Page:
Leaning a new language as an adult can be both challenging and enlightening. Before you dive into picking up this new skill, there are a few things to remember when guiding your learning. Here are three things to know before you attempt to pick up a local language.
Determine Specific Goals
Although it is noble to have lofty goals, you need to be realistic about the amount of language you can pick up over a predetermined amount of time. Deciding what level of fluency you wish to achieve will provide a direction and framework for your learning. Lindsay Does Languages explains, “having specific goals will also prevent discouragement along the way. Be sure to set challenging yet attainable goals in order to achieve the most success.”
Focus on the Words and Phrases You Will Actually Use
When learning a language from the beginning, it is important to direct your learning efforts to the words that you will use the most often in everyday situations. For example, make a list of the foods you like, the environs near the place you are staying, and other important information that you will likely need to access in order to communicate effectively. Every language has a different amount of words in their lexicon, but it’s helpful to know the number of words you need to understand for basic communication. For example, according to Word Counter, there are roughly 470,000 words in the English language, but many of them are obsolete, so after cutting it down we have around 170,000 words, many of which we don’t use in everyday conversation. Some languages can take a lifetime to fully learn based solely on the number of words in their language. Focusing on learning the key phrases and vocabulary that are applicable to you and your lifestyle will make the process run much more smoothly, while providing you with the most useful background.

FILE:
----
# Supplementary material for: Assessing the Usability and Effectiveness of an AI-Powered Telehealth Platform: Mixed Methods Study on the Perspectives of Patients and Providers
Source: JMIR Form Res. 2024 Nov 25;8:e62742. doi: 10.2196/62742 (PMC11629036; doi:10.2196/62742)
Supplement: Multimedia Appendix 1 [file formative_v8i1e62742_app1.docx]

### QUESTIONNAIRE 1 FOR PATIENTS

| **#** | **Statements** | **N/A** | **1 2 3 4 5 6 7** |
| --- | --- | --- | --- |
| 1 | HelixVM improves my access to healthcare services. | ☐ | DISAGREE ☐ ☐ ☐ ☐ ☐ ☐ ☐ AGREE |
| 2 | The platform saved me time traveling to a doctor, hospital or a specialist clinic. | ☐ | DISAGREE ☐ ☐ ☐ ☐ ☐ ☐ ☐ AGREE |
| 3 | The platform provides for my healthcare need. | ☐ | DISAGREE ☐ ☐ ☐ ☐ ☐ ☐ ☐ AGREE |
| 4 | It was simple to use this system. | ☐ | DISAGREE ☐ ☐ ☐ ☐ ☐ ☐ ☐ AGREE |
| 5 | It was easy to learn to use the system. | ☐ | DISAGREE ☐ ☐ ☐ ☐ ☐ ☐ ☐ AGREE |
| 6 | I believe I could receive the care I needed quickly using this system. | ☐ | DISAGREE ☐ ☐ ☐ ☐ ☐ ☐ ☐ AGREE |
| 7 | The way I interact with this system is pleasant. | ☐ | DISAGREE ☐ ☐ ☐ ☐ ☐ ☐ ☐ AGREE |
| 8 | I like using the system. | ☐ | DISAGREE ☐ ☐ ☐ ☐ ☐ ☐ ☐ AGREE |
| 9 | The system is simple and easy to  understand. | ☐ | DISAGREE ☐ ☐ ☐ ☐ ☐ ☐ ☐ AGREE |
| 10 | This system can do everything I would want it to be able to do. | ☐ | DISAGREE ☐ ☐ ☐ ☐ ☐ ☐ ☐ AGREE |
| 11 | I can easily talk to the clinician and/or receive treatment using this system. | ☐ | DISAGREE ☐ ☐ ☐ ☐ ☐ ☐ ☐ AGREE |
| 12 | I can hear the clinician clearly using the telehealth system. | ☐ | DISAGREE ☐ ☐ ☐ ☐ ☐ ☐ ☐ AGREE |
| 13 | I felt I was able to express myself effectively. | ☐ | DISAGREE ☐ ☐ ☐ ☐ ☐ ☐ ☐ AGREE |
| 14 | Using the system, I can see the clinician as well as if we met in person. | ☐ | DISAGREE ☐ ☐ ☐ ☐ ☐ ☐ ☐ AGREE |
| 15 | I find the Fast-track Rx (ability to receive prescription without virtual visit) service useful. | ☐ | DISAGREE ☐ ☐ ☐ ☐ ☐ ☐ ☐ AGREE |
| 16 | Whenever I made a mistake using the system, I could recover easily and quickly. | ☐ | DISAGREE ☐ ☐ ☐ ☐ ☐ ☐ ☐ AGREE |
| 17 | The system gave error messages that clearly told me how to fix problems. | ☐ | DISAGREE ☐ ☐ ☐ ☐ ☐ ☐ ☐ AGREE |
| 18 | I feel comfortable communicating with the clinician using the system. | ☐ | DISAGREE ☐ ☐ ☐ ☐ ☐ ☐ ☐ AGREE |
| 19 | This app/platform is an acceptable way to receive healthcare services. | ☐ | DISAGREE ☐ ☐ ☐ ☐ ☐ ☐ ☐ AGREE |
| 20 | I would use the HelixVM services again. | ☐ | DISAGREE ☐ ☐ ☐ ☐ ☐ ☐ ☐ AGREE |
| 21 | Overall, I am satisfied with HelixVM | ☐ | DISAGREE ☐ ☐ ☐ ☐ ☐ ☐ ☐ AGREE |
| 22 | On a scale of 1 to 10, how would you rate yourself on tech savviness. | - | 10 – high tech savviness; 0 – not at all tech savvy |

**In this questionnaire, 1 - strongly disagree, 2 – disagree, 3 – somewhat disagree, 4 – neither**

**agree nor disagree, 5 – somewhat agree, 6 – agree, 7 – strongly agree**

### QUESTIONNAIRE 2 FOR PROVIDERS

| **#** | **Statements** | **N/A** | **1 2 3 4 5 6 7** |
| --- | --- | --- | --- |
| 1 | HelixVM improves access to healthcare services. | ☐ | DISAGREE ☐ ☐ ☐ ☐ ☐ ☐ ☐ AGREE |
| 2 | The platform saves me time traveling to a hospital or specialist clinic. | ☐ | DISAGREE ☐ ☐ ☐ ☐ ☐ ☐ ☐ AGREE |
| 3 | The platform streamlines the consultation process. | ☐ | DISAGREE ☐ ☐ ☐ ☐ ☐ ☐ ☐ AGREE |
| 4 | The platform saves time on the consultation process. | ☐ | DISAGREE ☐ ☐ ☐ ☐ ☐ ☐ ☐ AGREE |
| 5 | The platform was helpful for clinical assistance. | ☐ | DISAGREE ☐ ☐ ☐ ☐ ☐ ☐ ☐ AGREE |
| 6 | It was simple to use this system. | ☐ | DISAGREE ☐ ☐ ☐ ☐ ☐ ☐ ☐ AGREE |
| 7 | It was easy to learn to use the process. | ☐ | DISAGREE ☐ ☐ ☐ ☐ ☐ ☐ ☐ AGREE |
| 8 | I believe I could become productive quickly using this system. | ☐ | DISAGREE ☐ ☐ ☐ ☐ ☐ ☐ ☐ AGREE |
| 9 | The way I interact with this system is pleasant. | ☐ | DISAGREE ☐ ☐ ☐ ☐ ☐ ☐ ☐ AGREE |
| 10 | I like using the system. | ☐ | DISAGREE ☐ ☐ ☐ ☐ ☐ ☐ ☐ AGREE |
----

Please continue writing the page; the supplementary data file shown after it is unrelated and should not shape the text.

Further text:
The benefits of immersion when learning a new language cannot be overstated. Immersion and necessity are the most effective ways to speed up the learning process. Although you want to know a few key phrases before immersing yourself into the language and culture, do not discount the power of immersion as an extraordinary teaching tool. It is one thing to force yourself to learn a new language from the comfort of your own home in your native land. It is something entirely different when you are learning a language out of necessity. MezzoGuild explains, “for true immersion, interact with people and do things you would normally do, but just do it in the language you are surrounded by. People like the chance to feel helpful, so they won’t be mad to help you.” Not only will immersion help you to learn the language much faster, but it will also encourage engagement with the locals and open up your worldview like no other learning experience.
By having a solid plan and a willingness to broaden your horizons, you can approach learning a new language with the expertise and attitude needed to be successful in your endeavors.
Planning an international trip, especially with kids, can be hard. Try to make the process easier by hiring a travel advisor or agent!